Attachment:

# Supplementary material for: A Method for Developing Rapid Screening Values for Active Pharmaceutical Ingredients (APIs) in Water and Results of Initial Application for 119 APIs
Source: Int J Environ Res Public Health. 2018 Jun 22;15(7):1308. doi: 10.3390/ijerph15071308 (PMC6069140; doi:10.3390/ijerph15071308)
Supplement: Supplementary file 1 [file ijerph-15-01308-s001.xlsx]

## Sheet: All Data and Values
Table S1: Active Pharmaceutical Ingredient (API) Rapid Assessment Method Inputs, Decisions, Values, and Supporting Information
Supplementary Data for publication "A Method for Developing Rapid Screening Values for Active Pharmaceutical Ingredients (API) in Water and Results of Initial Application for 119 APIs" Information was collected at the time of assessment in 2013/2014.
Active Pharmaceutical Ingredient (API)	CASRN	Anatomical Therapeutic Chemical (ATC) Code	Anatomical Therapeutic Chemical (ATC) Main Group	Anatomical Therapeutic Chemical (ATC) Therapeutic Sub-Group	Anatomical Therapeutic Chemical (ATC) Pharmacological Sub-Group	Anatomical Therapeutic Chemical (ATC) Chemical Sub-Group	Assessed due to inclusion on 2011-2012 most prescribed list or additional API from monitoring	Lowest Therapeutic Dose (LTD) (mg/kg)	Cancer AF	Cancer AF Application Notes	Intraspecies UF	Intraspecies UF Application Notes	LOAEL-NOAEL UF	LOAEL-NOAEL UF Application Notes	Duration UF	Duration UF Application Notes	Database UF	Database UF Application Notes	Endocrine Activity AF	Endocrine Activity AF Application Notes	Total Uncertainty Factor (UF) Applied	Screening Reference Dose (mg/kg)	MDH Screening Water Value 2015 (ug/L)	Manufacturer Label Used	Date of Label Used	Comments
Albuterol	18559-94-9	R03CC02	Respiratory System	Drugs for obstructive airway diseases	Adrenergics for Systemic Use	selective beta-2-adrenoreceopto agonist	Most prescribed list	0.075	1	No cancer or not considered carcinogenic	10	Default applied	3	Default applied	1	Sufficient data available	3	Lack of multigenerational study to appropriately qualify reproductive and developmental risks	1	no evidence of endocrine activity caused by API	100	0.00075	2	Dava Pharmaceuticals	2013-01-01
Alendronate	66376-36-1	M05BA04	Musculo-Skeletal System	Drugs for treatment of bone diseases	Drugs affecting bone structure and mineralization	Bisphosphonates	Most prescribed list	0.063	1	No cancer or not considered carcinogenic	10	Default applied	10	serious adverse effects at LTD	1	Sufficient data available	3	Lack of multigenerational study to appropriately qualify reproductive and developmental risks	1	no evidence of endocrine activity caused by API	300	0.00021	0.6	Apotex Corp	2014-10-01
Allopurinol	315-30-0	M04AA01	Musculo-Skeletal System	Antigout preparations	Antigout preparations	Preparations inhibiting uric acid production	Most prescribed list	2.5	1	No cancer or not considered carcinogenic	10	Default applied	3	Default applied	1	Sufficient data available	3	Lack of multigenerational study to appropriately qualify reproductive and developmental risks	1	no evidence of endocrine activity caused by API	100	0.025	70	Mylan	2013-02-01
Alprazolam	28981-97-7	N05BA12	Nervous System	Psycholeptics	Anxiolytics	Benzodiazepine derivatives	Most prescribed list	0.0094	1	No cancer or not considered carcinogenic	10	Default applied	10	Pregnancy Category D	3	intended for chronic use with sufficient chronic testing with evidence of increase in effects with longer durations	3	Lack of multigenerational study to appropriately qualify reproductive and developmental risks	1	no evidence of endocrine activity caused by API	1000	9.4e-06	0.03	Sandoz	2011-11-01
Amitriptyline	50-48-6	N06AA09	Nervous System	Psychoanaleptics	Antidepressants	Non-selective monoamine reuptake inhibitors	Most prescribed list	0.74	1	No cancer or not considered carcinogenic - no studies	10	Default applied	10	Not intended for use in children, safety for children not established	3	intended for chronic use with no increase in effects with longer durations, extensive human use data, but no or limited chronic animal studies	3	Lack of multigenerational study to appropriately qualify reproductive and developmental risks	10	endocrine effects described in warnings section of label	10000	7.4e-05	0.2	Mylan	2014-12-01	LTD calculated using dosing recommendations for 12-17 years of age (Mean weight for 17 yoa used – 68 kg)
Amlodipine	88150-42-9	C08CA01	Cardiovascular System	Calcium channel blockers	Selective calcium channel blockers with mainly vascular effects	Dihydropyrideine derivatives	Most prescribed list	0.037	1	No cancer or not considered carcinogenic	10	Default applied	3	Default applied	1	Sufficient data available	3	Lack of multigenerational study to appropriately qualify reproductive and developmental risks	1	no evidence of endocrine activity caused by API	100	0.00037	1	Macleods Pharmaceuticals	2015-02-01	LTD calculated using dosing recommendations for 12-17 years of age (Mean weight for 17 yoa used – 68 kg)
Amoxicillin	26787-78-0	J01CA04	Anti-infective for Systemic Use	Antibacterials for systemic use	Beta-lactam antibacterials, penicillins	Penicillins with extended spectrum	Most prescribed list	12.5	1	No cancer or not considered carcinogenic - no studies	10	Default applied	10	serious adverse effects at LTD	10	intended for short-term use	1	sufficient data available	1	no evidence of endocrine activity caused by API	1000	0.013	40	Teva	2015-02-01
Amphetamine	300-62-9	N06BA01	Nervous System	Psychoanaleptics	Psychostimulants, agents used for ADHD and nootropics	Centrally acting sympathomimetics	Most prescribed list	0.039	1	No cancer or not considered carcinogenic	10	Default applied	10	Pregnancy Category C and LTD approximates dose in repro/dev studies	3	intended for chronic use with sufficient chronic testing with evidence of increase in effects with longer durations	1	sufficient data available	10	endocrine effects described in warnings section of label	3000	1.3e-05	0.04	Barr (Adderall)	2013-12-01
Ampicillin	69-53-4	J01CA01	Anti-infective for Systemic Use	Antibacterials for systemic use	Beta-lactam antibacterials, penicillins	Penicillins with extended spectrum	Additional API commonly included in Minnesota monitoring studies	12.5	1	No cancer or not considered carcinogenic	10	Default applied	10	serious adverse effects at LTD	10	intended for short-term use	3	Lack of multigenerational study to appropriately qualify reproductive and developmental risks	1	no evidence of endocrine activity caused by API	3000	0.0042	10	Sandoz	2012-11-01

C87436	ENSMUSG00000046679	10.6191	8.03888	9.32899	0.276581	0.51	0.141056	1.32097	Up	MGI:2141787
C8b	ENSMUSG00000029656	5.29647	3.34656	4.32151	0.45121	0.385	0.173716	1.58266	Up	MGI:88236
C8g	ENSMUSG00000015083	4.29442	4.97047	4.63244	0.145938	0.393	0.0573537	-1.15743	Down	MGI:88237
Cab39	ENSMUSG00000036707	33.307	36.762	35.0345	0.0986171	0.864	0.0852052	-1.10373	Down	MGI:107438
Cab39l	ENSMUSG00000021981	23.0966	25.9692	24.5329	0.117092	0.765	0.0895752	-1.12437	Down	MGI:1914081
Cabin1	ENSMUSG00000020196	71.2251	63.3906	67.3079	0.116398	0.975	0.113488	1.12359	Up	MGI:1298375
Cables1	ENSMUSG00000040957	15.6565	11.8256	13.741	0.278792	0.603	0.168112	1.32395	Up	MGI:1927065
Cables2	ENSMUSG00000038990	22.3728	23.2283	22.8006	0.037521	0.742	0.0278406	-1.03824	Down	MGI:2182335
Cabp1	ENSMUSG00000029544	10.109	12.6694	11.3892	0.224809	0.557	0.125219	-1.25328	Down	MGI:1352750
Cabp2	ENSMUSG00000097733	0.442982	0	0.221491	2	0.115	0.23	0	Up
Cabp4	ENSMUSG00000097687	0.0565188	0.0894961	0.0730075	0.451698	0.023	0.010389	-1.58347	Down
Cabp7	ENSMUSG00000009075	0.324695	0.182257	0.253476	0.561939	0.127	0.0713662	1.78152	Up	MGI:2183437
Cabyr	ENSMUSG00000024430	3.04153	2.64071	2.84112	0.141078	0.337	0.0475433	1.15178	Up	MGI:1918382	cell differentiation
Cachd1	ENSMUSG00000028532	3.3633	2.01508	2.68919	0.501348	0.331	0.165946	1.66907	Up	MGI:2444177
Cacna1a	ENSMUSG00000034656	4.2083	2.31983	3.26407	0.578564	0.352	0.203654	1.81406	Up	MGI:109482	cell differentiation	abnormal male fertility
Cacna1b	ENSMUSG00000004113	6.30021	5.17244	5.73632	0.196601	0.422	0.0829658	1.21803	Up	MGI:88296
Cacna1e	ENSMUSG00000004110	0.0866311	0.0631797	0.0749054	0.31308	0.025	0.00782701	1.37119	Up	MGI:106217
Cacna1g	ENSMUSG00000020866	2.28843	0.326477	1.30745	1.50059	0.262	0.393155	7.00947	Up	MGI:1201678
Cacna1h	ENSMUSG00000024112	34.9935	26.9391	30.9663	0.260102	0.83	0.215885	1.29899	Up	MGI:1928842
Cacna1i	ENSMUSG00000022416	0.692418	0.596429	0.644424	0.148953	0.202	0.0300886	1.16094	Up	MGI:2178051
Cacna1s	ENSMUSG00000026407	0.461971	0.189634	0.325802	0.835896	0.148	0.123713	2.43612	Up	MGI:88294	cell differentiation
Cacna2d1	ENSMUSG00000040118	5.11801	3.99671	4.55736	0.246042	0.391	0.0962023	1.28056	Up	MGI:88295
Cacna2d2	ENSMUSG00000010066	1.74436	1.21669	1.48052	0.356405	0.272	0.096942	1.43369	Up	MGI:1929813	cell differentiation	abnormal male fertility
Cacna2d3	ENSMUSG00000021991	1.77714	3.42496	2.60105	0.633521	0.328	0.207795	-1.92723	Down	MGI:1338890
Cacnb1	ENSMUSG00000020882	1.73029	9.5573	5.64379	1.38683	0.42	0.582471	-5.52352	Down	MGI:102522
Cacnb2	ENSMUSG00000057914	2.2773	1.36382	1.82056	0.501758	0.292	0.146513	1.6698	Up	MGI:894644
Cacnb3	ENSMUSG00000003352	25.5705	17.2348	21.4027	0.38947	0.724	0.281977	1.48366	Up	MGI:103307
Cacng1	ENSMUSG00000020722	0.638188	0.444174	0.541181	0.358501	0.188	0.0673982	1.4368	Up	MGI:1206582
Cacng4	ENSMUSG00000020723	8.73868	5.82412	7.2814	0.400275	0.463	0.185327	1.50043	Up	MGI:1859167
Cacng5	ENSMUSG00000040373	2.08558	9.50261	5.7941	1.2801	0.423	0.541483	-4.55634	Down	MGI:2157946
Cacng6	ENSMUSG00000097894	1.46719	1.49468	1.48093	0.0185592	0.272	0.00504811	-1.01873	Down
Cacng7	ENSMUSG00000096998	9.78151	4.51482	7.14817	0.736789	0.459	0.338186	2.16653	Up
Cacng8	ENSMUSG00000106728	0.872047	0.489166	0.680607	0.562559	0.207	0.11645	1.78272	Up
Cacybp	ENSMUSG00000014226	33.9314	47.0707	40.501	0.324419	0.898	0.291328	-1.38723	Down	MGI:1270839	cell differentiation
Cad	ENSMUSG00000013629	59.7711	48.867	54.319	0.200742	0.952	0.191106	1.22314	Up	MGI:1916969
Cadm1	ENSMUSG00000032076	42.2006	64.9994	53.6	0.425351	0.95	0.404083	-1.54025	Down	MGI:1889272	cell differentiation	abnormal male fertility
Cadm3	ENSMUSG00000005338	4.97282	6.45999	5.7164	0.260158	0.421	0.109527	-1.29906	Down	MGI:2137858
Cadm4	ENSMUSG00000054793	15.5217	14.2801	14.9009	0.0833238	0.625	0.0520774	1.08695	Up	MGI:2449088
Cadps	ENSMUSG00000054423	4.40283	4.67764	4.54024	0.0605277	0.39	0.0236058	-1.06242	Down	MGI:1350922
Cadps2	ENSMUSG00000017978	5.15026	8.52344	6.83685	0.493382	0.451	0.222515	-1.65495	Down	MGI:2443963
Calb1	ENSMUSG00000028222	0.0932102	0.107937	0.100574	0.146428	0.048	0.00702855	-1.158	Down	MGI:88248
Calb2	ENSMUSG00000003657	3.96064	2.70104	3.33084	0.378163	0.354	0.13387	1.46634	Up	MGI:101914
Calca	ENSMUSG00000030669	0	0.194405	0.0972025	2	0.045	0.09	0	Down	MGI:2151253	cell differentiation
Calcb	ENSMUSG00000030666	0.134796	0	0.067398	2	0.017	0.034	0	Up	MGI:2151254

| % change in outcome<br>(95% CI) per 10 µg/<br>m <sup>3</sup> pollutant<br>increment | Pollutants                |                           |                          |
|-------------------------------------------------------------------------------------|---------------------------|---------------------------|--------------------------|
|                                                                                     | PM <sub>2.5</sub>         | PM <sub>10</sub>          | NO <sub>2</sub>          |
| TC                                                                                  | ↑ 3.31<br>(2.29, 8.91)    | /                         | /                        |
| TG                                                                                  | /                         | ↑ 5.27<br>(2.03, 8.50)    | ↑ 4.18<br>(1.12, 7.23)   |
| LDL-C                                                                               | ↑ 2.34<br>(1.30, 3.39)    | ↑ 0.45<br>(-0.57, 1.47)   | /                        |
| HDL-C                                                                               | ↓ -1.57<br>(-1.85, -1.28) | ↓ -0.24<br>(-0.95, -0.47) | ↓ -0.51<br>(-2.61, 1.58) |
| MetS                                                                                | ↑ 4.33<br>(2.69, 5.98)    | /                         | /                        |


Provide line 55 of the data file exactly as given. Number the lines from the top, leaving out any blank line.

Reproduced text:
Cadps	ENSMUSG00000054423	4.40283	4.67764	4.54024	0.0605277	0.39	0.0236058	-1.06242	Down	MGI:1350922